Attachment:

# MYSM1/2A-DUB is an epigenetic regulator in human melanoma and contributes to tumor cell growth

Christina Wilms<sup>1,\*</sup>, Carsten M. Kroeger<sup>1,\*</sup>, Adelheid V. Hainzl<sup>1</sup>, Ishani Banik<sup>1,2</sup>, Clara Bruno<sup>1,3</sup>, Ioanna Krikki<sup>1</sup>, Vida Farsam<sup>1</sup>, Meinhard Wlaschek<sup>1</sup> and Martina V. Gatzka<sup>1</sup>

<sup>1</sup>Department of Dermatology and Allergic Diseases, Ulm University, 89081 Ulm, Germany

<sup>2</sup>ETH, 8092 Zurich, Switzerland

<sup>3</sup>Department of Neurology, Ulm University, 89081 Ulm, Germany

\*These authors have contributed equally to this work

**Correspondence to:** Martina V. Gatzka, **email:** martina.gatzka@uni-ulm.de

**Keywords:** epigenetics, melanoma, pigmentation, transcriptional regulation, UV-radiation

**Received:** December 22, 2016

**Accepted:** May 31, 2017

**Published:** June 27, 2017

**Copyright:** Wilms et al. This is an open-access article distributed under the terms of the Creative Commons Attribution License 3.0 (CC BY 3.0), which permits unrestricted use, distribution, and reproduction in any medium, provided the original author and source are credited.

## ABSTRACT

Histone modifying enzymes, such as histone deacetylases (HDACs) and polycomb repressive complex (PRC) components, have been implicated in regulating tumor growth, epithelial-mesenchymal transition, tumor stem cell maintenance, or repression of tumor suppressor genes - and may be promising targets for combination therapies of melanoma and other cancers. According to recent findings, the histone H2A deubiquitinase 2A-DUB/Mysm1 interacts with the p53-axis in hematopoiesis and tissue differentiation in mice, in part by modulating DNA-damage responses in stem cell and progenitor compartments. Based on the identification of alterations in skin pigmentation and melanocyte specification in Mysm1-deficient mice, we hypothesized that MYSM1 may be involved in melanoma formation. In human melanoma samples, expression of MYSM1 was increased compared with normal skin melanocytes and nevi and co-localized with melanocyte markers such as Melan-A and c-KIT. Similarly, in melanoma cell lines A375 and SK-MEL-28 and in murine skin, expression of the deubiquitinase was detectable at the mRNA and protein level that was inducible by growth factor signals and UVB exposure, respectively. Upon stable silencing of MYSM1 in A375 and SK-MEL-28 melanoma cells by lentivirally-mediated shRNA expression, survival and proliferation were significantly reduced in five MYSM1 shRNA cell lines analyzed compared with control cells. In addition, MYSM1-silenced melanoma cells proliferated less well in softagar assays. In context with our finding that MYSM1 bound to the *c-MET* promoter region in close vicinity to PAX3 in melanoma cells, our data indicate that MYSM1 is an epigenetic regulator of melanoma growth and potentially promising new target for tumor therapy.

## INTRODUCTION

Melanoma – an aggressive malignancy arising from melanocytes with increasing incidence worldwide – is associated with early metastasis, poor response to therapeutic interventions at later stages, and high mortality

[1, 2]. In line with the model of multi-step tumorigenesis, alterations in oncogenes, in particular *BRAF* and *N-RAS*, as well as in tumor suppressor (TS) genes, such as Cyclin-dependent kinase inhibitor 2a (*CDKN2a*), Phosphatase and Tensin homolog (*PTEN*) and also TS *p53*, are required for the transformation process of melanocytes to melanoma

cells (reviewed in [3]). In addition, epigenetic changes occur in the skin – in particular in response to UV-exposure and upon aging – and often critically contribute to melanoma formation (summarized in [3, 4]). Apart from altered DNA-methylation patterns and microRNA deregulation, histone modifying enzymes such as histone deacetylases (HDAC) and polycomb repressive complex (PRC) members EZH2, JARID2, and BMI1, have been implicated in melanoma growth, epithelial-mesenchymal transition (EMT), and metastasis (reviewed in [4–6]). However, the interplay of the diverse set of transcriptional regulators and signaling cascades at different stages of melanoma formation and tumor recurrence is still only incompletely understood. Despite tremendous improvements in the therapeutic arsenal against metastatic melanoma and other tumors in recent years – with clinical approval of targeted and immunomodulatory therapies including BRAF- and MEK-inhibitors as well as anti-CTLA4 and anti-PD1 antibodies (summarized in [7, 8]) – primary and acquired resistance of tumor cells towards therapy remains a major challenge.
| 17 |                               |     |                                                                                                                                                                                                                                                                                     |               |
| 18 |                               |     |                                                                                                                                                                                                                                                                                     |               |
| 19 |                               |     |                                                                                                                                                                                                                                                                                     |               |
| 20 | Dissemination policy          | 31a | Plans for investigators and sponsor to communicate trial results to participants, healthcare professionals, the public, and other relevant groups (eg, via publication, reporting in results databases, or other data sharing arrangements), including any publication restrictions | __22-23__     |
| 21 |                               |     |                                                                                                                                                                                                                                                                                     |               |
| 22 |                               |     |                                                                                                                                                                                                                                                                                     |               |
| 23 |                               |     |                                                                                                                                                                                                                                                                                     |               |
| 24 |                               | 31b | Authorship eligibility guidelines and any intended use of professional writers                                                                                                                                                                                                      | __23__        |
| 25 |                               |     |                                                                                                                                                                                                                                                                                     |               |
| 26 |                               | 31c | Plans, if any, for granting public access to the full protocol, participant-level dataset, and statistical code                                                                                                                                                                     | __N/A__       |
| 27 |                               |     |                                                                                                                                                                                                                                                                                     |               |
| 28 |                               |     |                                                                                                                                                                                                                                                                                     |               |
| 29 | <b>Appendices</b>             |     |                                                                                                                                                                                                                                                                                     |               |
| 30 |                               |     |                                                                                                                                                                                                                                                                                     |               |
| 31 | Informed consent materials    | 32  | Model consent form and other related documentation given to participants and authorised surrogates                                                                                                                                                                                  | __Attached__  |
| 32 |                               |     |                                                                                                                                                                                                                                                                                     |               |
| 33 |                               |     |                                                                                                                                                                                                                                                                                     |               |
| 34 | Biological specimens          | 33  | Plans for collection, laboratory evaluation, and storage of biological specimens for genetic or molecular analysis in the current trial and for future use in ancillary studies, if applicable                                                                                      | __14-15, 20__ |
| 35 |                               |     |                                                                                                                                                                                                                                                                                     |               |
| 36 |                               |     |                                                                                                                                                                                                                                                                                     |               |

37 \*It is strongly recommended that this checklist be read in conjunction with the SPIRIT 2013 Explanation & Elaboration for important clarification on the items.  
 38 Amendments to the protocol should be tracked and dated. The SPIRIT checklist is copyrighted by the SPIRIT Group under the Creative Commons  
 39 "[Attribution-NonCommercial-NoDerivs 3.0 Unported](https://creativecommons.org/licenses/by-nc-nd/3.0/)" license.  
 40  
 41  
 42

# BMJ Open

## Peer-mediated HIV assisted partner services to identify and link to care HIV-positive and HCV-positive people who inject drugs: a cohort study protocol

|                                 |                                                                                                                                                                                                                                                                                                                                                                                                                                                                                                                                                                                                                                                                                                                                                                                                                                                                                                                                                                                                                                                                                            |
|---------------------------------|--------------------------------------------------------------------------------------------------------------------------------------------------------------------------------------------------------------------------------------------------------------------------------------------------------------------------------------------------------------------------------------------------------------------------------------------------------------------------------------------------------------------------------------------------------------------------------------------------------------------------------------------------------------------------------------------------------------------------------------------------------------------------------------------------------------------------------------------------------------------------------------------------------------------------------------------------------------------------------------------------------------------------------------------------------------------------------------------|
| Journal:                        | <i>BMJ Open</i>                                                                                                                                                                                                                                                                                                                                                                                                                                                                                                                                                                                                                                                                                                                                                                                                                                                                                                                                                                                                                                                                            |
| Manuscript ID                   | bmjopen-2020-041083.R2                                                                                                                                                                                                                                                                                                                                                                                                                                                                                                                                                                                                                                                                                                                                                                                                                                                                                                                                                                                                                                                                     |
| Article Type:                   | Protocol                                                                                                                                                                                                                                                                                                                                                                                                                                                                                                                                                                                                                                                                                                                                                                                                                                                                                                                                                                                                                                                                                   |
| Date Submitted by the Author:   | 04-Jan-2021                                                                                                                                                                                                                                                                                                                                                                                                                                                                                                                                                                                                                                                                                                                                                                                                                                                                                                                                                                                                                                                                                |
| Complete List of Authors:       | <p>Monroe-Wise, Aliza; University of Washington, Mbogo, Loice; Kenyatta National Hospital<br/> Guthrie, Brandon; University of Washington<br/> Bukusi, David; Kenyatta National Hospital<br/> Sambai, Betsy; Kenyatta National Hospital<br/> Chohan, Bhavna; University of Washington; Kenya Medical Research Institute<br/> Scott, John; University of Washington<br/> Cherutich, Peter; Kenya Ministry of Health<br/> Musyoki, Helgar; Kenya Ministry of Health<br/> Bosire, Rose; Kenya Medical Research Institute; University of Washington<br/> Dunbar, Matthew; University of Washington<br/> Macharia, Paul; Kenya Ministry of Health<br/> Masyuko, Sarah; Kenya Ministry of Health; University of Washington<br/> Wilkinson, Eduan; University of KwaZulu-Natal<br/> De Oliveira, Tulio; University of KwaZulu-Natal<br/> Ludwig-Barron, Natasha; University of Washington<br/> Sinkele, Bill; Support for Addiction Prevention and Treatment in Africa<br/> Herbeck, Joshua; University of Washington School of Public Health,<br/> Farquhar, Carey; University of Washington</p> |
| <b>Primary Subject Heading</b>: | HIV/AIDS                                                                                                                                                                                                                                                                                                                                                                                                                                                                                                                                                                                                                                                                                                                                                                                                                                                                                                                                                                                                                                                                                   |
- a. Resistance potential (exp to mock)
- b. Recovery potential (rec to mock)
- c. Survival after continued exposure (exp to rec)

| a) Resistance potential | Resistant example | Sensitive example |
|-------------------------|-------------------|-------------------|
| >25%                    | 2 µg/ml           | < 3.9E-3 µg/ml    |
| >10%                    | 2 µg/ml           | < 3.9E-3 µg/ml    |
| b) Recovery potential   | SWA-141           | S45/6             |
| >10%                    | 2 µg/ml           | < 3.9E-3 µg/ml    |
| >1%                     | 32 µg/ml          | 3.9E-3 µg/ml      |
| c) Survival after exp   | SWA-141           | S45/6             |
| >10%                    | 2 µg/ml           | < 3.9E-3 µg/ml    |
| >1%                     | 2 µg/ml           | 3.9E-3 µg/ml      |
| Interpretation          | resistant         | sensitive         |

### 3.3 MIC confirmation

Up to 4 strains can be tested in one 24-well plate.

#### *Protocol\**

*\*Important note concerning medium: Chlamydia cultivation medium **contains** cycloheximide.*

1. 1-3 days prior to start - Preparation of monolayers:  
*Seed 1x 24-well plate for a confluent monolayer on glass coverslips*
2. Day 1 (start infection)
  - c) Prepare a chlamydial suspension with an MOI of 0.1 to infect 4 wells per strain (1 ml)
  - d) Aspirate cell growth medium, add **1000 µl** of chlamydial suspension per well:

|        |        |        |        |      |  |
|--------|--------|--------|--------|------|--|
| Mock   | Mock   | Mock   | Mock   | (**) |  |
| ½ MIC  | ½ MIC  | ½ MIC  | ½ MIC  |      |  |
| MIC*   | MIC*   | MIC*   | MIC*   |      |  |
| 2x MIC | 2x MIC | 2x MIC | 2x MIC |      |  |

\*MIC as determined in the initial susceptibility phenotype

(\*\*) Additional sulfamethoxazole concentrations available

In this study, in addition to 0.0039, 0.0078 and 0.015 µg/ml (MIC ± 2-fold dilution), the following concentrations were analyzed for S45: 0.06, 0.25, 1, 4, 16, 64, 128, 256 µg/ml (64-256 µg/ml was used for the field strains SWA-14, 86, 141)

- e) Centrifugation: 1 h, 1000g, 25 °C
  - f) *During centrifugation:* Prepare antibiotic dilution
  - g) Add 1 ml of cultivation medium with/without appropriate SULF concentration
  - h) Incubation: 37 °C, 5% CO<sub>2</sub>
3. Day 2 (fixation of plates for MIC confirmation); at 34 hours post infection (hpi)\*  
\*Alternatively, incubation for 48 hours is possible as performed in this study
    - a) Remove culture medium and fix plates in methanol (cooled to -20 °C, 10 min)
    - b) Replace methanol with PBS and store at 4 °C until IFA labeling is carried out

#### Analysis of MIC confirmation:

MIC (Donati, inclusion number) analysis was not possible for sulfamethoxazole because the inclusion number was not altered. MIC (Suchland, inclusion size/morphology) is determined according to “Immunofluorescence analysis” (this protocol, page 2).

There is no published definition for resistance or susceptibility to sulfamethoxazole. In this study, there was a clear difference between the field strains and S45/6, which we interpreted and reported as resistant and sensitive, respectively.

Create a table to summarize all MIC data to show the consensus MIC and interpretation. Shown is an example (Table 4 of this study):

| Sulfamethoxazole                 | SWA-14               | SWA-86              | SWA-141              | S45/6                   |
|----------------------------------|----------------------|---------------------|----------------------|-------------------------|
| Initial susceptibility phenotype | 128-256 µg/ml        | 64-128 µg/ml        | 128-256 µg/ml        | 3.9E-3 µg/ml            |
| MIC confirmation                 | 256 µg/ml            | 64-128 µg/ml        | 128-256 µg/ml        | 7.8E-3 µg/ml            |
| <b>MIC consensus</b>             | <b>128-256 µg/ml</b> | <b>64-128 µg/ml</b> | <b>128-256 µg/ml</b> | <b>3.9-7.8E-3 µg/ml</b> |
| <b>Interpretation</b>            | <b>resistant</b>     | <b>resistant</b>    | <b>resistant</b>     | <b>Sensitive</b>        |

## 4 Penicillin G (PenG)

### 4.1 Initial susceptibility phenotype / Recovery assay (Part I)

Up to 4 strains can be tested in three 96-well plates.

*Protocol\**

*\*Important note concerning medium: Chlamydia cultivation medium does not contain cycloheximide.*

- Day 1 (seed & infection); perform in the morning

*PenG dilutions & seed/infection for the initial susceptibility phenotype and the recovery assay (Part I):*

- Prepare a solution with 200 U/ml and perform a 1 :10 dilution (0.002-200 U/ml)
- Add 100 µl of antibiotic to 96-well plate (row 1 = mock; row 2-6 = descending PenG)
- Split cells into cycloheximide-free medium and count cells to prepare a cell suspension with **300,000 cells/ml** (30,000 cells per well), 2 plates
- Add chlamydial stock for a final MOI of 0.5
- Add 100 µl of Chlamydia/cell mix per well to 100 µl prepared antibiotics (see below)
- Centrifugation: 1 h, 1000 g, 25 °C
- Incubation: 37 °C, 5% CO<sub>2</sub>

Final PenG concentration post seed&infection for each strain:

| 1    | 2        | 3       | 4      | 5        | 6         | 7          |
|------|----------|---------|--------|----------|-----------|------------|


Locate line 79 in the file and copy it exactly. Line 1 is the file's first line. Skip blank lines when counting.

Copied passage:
|--------|--------|--------|--------|------|--|